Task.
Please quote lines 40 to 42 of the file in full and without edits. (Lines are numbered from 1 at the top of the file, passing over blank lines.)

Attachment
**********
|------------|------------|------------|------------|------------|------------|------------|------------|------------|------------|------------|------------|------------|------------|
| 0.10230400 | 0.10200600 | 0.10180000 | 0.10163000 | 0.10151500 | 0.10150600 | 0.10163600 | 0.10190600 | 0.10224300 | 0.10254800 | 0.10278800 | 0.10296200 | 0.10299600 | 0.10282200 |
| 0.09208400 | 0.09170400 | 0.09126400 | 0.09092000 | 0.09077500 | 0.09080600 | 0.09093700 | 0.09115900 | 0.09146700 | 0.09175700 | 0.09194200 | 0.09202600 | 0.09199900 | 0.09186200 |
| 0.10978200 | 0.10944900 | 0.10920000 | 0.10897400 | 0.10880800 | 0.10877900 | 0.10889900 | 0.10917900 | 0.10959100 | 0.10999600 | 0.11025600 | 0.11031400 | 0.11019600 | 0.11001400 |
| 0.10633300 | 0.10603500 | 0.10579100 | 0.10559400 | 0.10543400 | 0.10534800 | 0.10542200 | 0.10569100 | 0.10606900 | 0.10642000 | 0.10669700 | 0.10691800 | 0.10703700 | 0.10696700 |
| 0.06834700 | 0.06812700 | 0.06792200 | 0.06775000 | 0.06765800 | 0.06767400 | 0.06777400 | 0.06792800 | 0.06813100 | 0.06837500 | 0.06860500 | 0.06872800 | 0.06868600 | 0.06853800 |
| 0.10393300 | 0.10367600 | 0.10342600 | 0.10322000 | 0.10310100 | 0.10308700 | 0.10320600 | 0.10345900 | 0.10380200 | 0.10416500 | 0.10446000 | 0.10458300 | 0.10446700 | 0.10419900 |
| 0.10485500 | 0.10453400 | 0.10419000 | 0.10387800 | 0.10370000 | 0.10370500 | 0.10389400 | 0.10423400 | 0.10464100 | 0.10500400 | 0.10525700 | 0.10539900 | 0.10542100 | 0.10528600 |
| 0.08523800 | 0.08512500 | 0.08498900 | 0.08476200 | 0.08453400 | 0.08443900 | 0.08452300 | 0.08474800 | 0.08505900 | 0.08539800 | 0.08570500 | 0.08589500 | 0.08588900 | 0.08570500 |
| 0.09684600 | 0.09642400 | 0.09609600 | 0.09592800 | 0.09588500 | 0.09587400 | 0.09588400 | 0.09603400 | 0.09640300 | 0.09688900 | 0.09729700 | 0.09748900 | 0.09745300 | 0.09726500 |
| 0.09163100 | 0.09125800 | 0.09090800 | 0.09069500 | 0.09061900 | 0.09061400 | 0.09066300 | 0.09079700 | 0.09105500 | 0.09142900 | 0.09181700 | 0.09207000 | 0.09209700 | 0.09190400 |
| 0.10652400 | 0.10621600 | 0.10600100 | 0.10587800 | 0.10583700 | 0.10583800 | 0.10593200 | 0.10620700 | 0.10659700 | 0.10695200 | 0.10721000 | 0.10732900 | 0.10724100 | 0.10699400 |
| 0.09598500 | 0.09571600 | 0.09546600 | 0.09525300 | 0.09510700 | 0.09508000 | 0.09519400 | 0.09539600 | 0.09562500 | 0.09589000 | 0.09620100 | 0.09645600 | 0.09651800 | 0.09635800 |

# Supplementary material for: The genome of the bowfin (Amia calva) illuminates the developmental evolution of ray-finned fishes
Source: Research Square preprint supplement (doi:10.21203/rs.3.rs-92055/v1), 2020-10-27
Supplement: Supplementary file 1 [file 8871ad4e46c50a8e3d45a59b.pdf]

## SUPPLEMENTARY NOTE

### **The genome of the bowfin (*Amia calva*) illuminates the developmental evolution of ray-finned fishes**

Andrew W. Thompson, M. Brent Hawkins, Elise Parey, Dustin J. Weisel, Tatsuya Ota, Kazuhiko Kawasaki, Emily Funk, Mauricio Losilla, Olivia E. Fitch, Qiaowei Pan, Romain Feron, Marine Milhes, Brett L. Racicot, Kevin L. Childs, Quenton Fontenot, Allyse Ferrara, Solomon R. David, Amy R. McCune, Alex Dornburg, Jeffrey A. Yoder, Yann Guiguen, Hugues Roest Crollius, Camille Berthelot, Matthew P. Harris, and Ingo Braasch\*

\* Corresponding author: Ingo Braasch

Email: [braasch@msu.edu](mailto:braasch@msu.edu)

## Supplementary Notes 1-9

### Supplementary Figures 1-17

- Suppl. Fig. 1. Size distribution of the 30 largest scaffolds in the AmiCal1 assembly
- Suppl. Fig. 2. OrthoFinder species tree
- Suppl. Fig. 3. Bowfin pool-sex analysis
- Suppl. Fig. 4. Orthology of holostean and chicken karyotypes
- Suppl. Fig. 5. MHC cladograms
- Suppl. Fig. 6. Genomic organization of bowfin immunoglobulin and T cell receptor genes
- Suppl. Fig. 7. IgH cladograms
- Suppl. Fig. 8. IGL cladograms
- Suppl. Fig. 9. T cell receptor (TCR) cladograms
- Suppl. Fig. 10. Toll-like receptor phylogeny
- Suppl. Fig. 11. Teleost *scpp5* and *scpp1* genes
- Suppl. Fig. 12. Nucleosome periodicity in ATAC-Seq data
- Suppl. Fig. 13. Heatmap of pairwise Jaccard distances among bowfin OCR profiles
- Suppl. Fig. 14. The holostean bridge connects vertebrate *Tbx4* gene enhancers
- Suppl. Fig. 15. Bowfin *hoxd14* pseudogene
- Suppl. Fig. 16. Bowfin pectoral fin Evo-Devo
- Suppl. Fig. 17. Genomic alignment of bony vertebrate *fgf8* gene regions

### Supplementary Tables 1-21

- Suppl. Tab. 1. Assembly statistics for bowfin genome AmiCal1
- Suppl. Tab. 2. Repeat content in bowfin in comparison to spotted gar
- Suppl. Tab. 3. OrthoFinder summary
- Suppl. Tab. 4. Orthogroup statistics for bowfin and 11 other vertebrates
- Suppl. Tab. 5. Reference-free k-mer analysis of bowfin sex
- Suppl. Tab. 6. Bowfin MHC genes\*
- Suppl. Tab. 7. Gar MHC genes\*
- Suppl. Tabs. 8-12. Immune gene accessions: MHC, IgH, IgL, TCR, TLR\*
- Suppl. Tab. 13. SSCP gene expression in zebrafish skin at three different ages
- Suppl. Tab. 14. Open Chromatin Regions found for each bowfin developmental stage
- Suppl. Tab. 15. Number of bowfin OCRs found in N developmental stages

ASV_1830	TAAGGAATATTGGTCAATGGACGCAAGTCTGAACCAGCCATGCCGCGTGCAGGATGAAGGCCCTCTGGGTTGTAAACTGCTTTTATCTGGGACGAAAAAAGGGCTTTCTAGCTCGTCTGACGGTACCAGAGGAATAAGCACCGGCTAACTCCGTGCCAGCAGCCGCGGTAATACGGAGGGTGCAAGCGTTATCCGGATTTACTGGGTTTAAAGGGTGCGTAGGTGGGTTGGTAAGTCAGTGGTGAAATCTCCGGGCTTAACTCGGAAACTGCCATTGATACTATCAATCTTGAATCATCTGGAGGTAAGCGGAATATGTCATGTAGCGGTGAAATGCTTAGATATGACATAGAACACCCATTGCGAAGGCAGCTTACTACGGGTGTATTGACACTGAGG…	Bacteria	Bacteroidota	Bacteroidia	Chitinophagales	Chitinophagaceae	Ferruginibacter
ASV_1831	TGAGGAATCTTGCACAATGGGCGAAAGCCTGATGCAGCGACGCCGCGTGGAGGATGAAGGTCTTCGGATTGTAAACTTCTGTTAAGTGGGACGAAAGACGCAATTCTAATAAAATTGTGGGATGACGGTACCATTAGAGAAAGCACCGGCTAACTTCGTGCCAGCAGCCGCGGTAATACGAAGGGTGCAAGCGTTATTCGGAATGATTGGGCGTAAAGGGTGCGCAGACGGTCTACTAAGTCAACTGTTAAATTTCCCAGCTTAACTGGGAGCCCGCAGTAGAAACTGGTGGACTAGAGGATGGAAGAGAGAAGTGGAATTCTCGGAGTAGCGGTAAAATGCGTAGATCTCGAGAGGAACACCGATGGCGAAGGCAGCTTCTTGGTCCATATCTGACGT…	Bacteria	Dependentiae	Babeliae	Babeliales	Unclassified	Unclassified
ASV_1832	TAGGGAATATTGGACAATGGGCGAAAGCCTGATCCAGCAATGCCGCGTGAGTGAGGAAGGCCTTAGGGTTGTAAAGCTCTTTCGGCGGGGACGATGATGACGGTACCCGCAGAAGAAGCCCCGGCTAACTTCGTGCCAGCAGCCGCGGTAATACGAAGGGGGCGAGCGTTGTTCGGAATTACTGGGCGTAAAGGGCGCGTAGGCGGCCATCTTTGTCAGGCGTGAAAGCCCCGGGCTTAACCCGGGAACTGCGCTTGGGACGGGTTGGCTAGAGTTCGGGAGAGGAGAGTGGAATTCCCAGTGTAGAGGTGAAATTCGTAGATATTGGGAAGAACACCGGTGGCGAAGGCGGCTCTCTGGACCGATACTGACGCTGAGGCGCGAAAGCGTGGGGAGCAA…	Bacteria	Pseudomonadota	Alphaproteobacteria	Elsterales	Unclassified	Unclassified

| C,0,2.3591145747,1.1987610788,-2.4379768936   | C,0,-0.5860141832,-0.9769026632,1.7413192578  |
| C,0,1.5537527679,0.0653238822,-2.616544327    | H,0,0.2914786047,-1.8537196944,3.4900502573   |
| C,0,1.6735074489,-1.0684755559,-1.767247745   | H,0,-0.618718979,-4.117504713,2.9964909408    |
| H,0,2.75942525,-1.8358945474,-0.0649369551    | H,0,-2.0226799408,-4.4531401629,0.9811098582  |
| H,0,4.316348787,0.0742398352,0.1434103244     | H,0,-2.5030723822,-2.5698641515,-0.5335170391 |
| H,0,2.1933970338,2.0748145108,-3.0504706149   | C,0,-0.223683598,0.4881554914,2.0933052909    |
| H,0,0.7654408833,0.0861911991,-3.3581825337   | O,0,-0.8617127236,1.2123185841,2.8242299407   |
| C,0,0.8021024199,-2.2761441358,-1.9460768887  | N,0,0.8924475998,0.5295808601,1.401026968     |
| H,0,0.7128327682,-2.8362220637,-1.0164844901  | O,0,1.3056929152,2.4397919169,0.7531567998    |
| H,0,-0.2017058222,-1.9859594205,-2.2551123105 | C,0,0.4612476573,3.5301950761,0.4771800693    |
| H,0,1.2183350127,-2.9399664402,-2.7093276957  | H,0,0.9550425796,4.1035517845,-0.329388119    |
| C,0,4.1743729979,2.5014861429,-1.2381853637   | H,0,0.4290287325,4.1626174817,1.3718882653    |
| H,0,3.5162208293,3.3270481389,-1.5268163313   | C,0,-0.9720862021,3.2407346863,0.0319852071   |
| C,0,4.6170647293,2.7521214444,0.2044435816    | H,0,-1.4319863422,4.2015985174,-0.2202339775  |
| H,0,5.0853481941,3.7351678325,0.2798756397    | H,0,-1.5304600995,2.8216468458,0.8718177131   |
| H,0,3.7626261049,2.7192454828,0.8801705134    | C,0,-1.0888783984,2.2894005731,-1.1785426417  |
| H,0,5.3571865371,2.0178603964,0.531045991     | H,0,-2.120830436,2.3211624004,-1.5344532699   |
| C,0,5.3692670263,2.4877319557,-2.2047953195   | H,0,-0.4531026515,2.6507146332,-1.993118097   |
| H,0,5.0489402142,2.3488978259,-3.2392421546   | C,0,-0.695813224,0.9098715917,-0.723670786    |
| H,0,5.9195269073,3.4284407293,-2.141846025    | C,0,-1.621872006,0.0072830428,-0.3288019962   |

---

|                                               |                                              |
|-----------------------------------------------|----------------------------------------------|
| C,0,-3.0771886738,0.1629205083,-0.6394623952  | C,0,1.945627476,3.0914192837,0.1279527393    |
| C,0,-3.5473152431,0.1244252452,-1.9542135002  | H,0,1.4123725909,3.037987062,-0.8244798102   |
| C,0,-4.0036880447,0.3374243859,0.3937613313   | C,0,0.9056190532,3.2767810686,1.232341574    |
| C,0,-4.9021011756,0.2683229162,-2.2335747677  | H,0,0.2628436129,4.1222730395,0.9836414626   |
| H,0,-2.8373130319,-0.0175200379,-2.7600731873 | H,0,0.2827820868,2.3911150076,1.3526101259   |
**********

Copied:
- Suppl. Fig. 17. Genomic alignment of bony vertebrate *fgf8* gene regions

### Supplementary Tables 1-21

- Suppl. Tab. 1. Assembly statistics for bowfin genome AmiCal1